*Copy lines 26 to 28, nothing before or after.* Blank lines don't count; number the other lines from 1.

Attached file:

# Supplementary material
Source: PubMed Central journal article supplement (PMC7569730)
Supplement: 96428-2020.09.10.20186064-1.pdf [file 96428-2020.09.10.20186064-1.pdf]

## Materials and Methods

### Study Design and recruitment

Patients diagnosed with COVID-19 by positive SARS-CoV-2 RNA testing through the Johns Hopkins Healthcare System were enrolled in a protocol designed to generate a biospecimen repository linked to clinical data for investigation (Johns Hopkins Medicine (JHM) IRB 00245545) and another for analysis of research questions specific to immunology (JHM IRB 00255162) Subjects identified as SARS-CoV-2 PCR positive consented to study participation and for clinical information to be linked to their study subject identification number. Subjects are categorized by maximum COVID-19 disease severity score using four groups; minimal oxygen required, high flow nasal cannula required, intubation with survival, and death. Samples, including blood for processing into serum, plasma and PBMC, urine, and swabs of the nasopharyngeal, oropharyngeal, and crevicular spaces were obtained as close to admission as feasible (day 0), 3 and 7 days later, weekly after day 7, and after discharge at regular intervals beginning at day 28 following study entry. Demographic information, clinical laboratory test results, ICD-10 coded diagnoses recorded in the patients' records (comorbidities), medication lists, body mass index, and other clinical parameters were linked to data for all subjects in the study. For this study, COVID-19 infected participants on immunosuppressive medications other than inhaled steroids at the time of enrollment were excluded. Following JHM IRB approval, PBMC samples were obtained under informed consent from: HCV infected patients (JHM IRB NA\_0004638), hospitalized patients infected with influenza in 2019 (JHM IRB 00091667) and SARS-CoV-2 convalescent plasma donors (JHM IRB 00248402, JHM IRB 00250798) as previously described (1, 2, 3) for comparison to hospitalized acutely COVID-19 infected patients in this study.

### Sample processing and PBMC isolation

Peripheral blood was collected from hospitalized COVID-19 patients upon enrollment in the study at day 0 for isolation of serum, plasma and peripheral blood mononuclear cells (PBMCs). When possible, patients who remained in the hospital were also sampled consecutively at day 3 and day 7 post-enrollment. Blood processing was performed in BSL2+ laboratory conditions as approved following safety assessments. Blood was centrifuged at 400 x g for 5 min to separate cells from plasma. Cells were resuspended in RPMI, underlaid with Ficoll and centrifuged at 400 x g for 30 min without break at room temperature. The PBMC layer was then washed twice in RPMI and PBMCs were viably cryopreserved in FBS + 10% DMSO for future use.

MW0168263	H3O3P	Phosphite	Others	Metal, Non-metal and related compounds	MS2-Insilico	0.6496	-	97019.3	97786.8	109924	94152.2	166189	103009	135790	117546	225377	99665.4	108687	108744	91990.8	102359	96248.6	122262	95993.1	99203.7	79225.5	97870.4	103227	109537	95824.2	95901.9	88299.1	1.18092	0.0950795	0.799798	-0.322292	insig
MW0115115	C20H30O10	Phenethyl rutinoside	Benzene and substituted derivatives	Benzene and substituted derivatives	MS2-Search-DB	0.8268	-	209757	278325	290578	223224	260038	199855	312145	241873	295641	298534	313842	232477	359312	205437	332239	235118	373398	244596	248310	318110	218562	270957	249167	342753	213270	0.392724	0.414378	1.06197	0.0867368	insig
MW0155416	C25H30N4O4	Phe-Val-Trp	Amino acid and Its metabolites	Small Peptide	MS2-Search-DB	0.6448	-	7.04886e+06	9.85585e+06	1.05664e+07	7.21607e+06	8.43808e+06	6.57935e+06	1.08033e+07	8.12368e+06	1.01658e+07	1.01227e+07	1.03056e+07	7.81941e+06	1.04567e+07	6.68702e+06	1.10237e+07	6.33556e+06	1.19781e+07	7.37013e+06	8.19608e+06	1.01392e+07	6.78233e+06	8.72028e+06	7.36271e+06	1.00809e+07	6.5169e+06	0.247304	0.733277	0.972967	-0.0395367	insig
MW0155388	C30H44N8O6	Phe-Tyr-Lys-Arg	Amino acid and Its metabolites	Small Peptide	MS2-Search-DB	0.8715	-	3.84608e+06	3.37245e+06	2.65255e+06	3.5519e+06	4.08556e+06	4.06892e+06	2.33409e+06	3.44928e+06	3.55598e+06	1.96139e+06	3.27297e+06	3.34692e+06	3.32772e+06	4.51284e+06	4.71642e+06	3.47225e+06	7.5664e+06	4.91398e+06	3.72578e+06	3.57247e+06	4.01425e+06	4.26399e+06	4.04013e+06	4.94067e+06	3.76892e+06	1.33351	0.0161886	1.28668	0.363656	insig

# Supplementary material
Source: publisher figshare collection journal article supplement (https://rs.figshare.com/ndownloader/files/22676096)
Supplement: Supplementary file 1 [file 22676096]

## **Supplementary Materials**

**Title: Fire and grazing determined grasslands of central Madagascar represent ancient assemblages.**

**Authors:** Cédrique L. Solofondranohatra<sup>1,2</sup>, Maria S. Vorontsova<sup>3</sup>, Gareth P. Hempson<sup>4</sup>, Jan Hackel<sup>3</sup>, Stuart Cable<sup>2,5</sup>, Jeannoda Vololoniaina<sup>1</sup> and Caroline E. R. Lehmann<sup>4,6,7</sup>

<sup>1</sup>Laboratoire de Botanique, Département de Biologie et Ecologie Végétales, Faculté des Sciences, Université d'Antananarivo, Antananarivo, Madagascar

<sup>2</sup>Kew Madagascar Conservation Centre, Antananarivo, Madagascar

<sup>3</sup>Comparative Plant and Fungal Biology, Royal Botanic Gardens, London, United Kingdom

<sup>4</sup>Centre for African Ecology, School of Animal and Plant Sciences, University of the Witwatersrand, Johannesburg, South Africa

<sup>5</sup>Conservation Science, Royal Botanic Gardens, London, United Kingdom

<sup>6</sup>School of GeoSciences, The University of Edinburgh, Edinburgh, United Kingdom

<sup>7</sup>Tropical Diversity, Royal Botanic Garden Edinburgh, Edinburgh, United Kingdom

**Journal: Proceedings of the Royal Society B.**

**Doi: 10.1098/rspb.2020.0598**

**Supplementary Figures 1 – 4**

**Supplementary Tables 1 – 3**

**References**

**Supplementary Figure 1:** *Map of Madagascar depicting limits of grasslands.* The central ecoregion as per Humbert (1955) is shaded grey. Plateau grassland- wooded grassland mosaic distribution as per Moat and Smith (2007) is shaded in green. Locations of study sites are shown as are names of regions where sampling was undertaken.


**Journal: Proceedings of the Royal Society B.**

**Doi: 10.1098/rspb.2020.0598**

**Supplementary Figures 1 – 4**